Armed with a mission to 'remix' primary care, ZDoggMD rode into Las Vegas

Healthcare is in a state of unrest. Increasing quality measures and reimbursement changes, coupled with technology that creates rather than alleviates administrative burden, help to push physicians to burn out. Turntable Health CEO Dr. Zubin Damania, aka ZDoggMD, knows this all too well.

Beginning his stint as a hospitalist at Palo Alto Medical Foundation in 2003, Damania saw the practice change from a partnership of physicians to a larger corporate entity with production quotas. 

“I knew as it evolved, it wasn’t what I signed up for,” Damania told Healthcare Dive. With the team-based care peeling away, he began to feel the effects of burnout. Against the advice of his peers, he began posting rap parody videos about the physician workplace struggles as a coping mechanism.

Years later, he’s become an industry star and a highly sought-after public speaker, using his experience and wit to push patients back to the forefront of the care conversation.

The rise of ZDoggMD

You may have seen Damania's videos. If not, here’s a good introduction:

Or here:

Damania's videos pull no punches. Whether the topic is vaccine truthers or awful EHR tech, his videos aim to skewer workplace inefficiencies and topic ignorance. While recent video "EHR State of Mind" blasts EHR companies for creating unusable technology, companies like DrFirst and athenahealth have partnered with Damania because of his unique critique of the industry.

Entertaining yet educating

However, before the viral success, his videos were met with skepticism. “I was told quite clearly by colleagues, ‘You’re going to ruin your career putting this rap video on YouTube,” Damania said.

Using an alter ego and never mentioning his employer, Damania continued to post videos while continuing to work as a hospitalist. “I think [they] resonated with a lot of other doctors who were feeling burned out and didn’t have a voice,” he said.

Lending heavily from "Weird Al" Yankovic’s parody playbook, the videos aim to entertain and educate. However, when the videos turn to such serious subjects as drug misuse and sepsis-related deaths, some viewers they go a bit beyond the pale.

“We’re at an advantage because we're healthcare providers and we're used to dealing with taboo issues. I think being a bit more provocative and direct helps establish a sincerity and credibility. But anything I do gets some degree of backlash from people who are offended or think we've gone too far,” Damania said.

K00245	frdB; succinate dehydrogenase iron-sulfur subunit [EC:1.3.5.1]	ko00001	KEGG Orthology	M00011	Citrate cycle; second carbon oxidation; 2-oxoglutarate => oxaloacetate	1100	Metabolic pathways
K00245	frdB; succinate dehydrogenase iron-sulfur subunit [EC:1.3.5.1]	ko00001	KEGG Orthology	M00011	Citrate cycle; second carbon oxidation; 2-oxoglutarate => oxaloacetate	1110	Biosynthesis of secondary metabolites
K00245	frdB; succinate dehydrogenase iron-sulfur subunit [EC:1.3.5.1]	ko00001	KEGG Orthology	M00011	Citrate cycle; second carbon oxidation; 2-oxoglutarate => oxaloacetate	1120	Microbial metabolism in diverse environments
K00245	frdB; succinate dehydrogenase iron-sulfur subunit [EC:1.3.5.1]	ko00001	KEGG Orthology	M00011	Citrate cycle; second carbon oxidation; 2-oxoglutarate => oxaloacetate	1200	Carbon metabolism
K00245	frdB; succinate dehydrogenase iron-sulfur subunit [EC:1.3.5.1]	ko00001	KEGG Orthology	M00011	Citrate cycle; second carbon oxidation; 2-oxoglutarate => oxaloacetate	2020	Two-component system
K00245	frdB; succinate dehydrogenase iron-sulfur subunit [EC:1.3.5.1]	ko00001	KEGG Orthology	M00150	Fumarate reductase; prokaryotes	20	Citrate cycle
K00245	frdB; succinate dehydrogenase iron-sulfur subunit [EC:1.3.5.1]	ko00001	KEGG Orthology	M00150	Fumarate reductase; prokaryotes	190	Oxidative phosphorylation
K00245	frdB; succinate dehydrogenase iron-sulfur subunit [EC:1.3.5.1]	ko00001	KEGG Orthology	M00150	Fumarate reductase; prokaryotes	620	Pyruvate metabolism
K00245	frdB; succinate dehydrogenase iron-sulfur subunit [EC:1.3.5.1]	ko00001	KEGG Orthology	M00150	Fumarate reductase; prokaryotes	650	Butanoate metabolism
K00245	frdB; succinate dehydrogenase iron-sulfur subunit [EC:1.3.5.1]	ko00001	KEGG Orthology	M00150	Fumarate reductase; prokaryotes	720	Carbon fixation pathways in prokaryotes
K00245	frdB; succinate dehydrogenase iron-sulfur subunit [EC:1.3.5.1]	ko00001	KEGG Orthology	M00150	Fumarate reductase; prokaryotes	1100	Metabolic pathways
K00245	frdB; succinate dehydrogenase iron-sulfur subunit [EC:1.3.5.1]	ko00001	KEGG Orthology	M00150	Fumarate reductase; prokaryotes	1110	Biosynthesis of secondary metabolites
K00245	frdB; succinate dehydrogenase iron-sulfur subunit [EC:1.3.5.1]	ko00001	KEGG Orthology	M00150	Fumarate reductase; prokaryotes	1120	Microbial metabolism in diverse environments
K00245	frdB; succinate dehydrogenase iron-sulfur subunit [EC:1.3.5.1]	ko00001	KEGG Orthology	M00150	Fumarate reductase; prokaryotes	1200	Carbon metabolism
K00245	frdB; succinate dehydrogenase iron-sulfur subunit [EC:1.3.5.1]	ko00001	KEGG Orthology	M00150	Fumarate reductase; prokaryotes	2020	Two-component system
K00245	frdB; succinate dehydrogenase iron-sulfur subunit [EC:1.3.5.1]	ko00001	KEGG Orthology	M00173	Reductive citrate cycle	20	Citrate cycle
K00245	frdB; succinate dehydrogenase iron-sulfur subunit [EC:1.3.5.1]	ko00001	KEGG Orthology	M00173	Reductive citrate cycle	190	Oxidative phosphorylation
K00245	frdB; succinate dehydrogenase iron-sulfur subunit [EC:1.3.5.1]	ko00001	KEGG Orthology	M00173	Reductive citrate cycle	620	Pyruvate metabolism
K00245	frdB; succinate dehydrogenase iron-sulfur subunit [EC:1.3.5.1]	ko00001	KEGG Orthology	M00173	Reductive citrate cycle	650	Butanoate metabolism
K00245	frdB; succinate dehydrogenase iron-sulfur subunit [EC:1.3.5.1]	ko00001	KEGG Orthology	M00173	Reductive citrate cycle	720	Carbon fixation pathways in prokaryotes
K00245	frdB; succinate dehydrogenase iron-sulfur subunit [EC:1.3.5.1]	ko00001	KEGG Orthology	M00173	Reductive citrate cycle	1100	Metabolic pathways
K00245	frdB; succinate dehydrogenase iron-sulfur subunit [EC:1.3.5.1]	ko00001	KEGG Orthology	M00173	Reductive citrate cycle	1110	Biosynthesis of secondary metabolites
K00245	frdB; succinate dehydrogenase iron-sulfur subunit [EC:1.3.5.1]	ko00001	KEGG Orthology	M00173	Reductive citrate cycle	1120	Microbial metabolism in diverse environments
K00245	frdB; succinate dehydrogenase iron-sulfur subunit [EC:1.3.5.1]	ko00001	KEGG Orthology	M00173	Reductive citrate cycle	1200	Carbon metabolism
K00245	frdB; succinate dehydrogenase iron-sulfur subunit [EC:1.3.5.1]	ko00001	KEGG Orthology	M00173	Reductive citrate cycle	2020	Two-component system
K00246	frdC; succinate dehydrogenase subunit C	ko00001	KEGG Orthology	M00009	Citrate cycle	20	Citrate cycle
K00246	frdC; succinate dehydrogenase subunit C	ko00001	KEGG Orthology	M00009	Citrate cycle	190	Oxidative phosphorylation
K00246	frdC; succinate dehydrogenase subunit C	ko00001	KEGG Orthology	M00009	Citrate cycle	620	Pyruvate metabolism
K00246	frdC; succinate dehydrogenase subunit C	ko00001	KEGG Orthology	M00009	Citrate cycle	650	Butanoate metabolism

For example, the video “It’s Beginning to Look a Lot Like Sepsis” — a Christmas-style song about recognizing the signs and symptoms of sepsis — got feedback from individuals who had family members die from the condition and didn’t find the video funny. Damania noted more individuals supported the video.

"If this makes someone laugh and also remember the early signs and symptoms of sepsis, we can prevent a morbidity and mortality and that's worth it,” Damania said. “I've seen people do parody in medicine that does go into the offensive territory, so it is a challenge we're thinking about all the time.”

How Turntable Health’s model works

Damania was still practicing while his videos were gaining traction. His hot takes on practice management helped him catch the eye of Zappos CEO Tony Hsieh. Hsieh made him an offer he couldn’t refuse: Quit his job, take some startup funds and create an innovative care model for Hsieh’s Downtown Project in Las Vegas. The idea behind the project is to get  “productivity dividends that come from cities where people bump into each other and interact -- and ideas are engaged where there's no central command or hierarchical organizational structure telling you what to do,” Damania said. Currently, the Downtown Project owns or invests in more than 300 businesses and entities, including Turntable Health.